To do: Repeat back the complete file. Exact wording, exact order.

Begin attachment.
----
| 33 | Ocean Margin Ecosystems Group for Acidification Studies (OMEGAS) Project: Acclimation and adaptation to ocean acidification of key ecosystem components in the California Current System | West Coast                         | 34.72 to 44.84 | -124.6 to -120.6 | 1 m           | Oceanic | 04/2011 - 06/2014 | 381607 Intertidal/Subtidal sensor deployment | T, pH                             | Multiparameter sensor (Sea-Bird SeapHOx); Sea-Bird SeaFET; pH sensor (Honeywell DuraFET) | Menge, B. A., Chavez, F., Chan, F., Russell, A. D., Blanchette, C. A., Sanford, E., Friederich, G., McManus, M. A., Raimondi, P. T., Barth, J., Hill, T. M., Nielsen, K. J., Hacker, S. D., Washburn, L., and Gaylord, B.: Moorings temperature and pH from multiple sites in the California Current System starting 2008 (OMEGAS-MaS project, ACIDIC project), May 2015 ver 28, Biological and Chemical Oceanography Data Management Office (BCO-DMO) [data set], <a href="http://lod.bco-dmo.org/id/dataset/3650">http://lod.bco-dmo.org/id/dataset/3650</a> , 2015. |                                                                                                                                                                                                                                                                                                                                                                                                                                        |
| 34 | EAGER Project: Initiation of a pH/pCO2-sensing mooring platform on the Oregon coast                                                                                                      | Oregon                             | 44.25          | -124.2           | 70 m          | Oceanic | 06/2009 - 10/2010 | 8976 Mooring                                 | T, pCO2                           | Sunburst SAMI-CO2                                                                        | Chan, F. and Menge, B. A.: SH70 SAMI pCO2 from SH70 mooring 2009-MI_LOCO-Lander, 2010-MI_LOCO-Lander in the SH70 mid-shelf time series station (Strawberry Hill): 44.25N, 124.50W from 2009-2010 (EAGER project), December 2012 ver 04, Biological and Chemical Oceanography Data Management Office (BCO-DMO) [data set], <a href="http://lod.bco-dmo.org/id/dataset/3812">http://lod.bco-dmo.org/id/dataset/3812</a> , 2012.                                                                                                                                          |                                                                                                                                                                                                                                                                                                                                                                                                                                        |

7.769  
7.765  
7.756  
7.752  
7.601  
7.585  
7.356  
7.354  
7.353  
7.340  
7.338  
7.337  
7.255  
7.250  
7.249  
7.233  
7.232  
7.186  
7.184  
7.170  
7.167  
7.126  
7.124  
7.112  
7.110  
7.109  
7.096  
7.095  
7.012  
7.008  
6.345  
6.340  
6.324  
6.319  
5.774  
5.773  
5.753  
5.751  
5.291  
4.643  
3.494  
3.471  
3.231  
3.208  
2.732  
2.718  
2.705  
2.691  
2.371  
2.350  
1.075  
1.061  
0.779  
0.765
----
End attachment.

| 33 | Ocean Margin Ecosystems Group for Acidification Studies (OMEGAS) Project: Acclimation and adaptation to ocean acidification of key ecosystem components in the California Current System | West Coast                         | 34.72 to 44.84 | -124.6 to -120.6 | 1 m           | Oceanic | 04/2011 - 06/2014 | 381607 Intertidal/Subtidal sensor deployment | T, pH                             | Multiparameter sensor (Sea-Bird SeapHOx); Sea-Bird SeaFET; pH sensor (Honeywell DuraFET) | Menge, B. A., Chavez, F., Chan, F., Russell, A. D., Blanchette, C. A., Sanford, E., Friederich, G., McManus, M. A., Raimondi, P. T., Barth, J., Hill, T. M., Nielsen, K. J., Hacker, S. D., Washburn, L., and Gaylord, B.: Moorings temperature and pH from multiple sites in the California Current System starting 2008 (OMEGAS-MaS project, ACIDIC project), May 2015 ver 28, Biological and Chemical Oceanography Data Management Office (BCO-DMO) [data set], <a href="http://lod.bco-dmo.org/id/dataset/3650">http://lod.bco-dmo.org/id/dataset/3650</a> , 2015. |                                                                                                                                                                                                                                                                                                                                                                                                                                        |
| 34 | EAGER Project: Initiation of a pH/pCO2-sensing mooring platform on the Oregon coast                                                                                                      | Oregon                             | 44.25          | -124.2           | 70 m          | Oceanic | 06/2009 - 10/2010 | 8976 Mooring                                 | T, pCO2                           | Sunburst SAMI-CO2                                                                        | Chan, F. and Menge, B. A.: SH70 SAMI pCO2 from SH70 mooring 2009-MI_LOCO-Lander, 2010-MI_LOCO-Lander in the SH70 mid-shelf time series station (Strawberry Hill): 44.25N, 124.50W from 2009-2010 (EAGER project), December 2012 ver 04, Biological and Chemical Oceanography Data Management Office (BCO-DMO) [data set], <a href="http://lod.bco-dmo.org/id/dataset/3812">http://lod.bco-dmo.org/id/dataset/3812</a> , 2012.                                                                                                                                          |                                                                                                                                                                                                                                                                                                                                                                                                                                        |

7.769  
7.765  
7.756  
7.752  
7.601  
7.585  
7.356  
7.354  
7.353  
7.340  
7.338  
7.337  
7.255  
7.250  
7.249  
7.233  
7.232  
7.186  
7.184  
7.170  
7.167  
7.126  
7.124  
7.112  
7.110  
7.109  
7.096  
7.095  
7.012  
7.008  
6.345  
6.340  
6.324  
6.319  
5.774  
5.773  
5.753  
5.751  
5.291  
4.643  
3.494  
3.471  
3.231  
3.208  
2.732  
2.718  
2.705  
2.691  
2.371  
2.350  
1.075  
1.061  
0.779  
0.765